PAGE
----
The pre-sale was a particularly good savings on this night, owing to a $60 gate cover for headliner Keith Urban, who we made a point of avoiding.
154. We Can Get Together: The Hold Steady, Night of the Living Dead Live, Ottawa Bluesfest, Lebreton Flats, Ottawa, Ontario, Saturday July 17, 2010, $60.
From Finns Neil to Craig, this night concluded (for me) the exceptional run of gigs that I took in during the 2010 Cisco Ottawa Bluesfest.
This final evening was one part live gig and one part unique event mixing film, theatre, and live performance as a celebration of one of the cult classics, and one of the few horror films I love, 1968’s Night of the Living Dead. More on that in a bit.
First up was the half-set I took in by Minneapolis-via-Brooklyn’s The Hold Steady. Appearing on the Subway Stage, I decided to check them out despite my less-than-enthusiastic response to their then-new disc, Heaven Is Whenever. Having seen their name bandied about over the last few years via publications and writers I respect, and also loving a Letterman appearance wherein they performed “Sequestered in Memphis,” I decided to pick up the new disc when it came out alongside a slew of great releases during the late winter/early spring of 2010.
“I’m this excited to be here.” Craig Finn as a pterodactyl about to take flight on the Subway Stage. (Photos by VA)
After a couple of spins, the question going through my mind was: “Is this the right band? Did I pick up the right CD?” I couldn’t get into Heaven at all. In writing this series and going back to revisit all sorts of LPs and CDs, I’ve become aware of some recurring themes regarding my tastes, and one would go something like this: rootsy-kinda stuff = good; “heartland rockers” = not so much. That divide could be part of my resistance. I guess there’s a little too much self conscious meat’n’potatoes in the stew, and not enough flavor or distinctive seasoning. There’s also too many of the wrong Springsteen elements, and an over-earnestness (be it accidental or on purpose) — something fundamental I can’t get past. Also, on record, I find Finn’s voice grating and, trust me, there are plenty of “acquired taste” voices out there that are among my personal favourites.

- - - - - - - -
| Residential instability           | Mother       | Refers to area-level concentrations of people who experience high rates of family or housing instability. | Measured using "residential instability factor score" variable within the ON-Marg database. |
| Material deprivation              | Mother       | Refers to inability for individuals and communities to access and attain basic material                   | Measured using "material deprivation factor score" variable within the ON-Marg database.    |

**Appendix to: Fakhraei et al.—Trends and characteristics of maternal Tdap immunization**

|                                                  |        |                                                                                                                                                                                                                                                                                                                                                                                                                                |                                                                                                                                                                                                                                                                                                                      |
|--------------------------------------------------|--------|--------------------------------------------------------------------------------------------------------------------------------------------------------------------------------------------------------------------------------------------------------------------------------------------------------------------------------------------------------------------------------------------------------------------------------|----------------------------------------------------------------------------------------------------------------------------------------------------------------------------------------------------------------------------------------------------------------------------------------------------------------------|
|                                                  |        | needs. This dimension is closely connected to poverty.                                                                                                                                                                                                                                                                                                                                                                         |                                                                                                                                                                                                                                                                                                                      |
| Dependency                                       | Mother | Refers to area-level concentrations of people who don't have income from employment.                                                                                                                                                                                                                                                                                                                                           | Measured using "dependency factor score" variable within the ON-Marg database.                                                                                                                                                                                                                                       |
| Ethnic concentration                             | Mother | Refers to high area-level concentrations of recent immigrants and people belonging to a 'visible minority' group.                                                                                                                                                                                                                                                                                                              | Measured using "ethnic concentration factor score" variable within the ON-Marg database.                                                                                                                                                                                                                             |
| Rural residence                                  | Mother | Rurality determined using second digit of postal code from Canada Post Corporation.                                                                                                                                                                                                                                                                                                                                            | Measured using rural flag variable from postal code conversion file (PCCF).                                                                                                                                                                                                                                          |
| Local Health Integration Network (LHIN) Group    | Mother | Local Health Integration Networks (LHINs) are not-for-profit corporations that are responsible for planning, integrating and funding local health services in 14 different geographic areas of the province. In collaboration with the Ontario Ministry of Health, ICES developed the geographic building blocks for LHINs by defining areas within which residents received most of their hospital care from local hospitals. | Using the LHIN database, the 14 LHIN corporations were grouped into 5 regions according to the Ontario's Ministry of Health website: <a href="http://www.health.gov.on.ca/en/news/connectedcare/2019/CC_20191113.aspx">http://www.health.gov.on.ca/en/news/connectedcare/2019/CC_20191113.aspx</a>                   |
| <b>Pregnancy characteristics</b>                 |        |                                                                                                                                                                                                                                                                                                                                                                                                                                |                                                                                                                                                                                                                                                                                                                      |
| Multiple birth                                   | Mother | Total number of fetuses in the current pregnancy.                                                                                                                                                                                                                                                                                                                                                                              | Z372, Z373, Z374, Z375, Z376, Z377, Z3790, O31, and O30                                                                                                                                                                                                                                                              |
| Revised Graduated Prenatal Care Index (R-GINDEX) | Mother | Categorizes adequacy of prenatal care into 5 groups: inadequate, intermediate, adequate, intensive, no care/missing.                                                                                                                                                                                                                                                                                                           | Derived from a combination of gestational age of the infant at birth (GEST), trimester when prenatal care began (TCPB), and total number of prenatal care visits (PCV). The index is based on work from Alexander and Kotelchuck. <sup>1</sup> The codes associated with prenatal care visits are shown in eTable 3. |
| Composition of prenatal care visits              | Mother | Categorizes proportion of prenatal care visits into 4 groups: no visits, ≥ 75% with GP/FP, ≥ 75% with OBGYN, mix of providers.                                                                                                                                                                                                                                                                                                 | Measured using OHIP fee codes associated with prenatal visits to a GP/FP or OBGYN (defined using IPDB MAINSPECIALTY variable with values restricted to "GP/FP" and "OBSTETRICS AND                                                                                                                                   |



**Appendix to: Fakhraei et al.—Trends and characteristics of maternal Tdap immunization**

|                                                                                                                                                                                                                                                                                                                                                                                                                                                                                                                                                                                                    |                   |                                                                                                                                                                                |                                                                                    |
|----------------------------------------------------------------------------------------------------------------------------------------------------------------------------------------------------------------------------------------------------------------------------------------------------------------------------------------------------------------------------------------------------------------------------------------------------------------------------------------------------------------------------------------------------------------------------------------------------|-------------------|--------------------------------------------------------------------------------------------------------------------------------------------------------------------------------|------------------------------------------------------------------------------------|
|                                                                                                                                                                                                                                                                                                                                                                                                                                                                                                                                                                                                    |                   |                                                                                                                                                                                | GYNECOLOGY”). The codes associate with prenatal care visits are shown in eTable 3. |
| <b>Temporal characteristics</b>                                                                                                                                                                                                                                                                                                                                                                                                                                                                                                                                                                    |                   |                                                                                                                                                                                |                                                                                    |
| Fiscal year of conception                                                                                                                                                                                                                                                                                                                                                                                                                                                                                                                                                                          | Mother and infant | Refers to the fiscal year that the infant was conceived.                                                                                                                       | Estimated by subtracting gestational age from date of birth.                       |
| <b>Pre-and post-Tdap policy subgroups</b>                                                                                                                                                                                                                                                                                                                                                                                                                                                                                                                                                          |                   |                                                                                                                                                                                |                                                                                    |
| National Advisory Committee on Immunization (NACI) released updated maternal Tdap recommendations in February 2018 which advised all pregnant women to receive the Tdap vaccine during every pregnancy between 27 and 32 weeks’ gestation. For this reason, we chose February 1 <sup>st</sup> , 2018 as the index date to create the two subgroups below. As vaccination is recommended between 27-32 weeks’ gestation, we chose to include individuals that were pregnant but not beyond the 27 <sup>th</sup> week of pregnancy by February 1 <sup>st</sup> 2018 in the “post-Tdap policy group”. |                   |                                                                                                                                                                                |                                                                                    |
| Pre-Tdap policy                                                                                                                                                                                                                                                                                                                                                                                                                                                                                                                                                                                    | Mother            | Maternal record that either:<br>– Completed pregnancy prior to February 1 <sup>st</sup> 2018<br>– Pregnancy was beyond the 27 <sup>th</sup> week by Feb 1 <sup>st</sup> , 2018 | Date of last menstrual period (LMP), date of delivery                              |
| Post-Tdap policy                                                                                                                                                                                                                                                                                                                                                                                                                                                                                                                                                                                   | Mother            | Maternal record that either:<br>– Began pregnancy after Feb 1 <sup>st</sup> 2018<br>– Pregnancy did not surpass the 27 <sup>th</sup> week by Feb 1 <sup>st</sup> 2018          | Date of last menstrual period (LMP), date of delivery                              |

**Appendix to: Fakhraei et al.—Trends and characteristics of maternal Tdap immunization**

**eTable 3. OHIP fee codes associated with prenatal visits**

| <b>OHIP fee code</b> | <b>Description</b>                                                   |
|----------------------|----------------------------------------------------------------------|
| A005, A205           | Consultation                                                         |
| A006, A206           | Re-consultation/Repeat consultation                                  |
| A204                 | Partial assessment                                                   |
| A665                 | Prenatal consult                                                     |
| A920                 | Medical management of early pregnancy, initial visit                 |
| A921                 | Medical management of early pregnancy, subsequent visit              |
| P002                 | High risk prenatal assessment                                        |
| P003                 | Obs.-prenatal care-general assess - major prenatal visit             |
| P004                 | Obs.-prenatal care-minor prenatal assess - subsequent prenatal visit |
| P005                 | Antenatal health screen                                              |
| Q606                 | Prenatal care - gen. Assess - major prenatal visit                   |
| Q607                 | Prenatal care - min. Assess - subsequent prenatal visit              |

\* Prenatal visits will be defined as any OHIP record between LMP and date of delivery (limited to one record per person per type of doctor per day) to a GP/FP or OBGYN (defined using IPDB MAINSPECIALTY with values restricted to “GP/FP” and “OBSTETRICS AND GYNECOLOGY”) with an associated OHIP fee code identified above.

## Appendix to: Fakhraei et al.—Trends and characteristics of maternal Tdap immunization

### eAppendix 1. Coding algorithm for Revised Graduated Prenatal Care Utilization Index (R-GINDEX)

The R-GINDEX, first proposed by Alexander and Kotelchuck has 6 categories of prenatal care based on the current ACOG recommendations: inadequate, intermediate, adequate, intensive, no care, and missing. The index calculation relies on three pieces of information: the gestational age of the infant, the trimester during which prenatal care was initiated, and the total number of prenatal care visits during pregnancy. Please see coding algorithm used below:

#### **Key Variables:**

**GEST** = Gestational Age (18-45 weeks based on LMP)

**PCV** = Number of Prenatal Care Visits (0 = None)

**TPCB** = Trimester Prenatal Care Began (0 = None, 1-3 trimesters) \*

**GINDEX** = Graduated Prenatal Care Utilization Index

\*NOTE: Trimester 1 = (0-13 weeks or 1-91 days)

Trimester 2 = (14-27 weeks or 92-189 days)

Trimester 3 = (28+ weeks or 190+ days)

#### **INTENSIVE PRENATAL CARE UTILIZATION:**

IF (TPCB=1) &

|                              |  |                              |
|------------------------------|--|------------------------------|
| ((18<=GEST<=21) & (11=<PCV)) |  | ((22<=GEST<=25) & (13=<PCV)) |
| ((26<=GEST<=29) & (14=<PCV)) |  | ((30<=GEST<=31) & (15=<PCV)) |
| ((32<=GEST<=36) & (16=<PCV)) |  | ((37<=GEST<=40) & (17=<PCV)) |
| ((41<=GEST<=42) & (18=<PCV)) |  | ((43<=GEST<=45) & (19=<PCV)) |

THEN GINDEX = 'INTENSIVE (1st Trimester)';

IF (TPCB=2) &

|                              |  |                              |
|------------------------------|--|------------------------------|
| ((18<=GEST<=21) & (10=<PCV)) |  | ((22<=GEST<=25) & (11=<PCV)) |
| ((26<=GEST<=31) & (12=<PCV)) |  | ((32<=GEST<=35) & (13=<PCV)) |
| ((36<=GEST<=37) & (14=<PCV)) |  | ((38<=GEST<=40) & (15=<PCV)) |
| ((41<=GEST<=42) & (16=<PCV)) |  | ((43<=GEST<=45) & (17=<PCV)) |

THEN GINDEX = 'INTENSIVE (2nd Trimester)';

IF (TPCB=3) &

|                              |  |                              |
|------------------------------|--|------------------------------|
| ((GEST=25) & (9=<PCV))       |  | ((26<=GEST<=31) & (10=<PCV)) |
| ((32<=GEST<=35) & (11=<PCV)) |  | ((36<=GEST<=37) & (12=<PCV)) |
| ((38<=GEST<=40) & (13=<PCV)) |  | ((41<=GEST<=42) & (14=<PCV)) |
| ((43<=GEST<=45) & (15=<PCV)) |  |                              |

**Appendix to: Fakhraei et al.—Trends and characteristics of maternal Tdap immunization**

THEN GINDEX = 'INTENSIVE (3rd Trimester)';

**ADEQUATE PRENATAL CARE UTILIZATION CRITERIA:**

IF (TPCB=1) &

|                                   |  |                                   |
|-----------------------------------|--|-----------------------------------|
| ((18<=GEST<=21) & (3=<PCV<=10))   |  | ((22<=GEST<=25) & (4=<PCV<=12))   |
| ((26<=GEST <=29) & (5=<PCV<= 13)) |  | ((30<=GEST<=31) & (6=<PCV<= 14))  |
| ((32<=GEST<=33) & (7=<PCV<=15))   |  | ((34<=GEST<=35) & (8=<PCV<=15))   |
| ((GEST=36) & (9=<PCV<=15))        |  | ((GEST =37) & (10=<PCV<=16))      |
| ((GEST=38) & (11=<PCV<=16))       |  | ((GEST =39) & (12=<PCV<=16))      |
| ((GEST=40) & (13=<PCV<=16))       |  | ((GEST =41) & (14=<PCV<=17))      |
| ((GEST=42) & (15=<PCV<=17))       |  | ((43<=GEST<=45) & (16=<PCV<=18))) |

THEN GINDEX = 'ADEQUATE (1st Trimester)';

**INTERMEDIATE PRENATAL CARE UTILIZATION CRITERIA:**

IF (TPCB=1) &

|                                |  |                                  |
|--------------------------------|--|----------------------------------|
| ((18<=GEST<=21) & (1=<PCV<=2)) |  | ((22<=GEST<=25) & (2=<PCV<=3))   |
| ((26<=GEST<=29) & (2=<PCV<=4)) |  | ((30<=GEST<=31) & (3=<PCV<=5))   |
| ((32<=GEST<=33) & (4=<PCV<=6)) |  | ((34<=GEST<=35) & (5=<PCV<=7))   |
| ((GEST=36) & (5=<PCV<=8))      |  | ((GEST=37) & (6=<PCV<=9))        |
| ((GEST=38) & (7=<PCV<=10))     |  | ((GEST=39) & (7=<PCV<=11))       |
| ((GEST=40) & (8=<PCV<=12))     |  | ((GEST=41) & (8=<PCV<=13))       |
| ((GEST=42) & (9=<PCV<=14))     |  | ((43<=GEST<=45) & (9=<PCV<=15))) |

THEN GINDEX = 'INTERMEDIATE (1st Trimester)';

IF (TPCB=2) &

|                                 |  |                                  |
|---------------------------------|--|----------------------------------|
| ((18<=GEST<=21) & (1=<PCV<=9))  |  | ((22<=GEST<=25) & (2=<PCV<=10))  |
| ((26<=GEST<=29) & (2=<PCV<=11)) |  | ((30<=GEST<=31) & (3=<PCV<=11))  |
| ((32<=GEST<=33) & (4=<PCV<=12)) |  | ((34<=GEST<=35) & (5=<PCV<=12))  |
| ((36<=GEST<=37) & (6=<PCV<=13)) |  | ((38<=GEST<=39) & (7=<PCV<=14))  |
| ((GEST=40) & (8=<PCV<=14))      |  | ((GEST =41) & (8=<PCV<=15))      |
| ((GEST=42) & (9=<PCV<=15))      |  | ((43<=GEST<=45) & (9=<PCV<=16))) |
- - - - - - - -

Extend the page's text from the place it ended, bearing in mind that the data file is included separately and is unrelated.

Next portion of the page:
So why did I love them so much when I saw them live?
“We’re The Hold Steady Blues Band” joked Finn early on, and right from the start The Hold Steady had me in their grip, with all of the ticks that irked me on disc seemingly vanquished.
Finn salutes the huddled masses who didn’t sit at home.
Looking like a cross between Peter Kastner in Coppola’s You’re A Big Boy Now and some overgrown best friend of the main character from some hard-to-specify ‘60s sitcom, Craig Finn has to be the goofiest front man currently out there and I mean that in a genuinely complimentary sense. Grinning ear to ear, throwing his arms in the air as if he’s a pterodactyl about to take flight, the library clerkish Finn comes off as if he can’t believe that he’s up on stage, relishing every moment, and happily working himself up into a right state in the process. His exuberance and enthusiasm are both endearing and infectious, making you really want to get behind him and the band. He’s believing it and convincing in doing so. Out of all the acts I’d seen during these two weeks, he and The Flaming Lips’ Wayne Coyne came off as the performers who most seemed to be truly enjoying themselves.
Perhaps it’s that joie de vivre that’s missing on Heaven Is Whenever and needs to be captured. It could be that live/studio divide. Decades of gig-going have made me realize that there are some awesome live acts out there who just can’t seem to transfer that magic via the studio — and vice versa (another personal case in point regarding that divide: on the night of Sunday the 11th, I ended up checking out about an hour of Rush’s set … and I actually enjoyed it! And to say that I have never, ever liked Rush in any capacity is an understatement … but live and in small doses, it worked for me). The whole band seemed similarly engaged with delivering on this night. In my notes, I’ve wrote “almost like a bit of early Dire Straits meets The Replacements” … hmmm, well, I guess that’s how they struck me in the moment.
Later on they played Heaven’s “We Can Get Together,” introducing it as a number about “not staying home but going out and being with people, which is what is happening here,” sentiments I can appreciate. As someone who has always felt it important to balance my homebody and social instincts, feeling that too much of either is never a good thing, I applaud him and everyone who makes the effort to get up off their asses, go out there and do something rather than just sitting endlessly in front of the screen of choice. I am Mr. I-Love-Technology but it shouldn’t be at the expense of human, real world connection. Everything in moderation and balance!
The Hold Steady live at Ottawa Bluesfest.
Maybe I need to check out their earlier releases. Maybe Heaven will kick in for me somewhere down the road. I previously wrote about how the Talking Heads’ Fear of Music and Elvis Costello’s Armed Forces were growers on me back in the day, and more recently, I’ve fallen in love with Phoenix’s 2009 debut Wolfgang Amadeus Phoenix after not being able to initially dig it all during its initial release period when everyone was raving about it. Sometimes you just have to be in the right mood or frame of mind to “get it.” One thing’s for sure, I would certainly go and see The HS again live in a moment’s notice.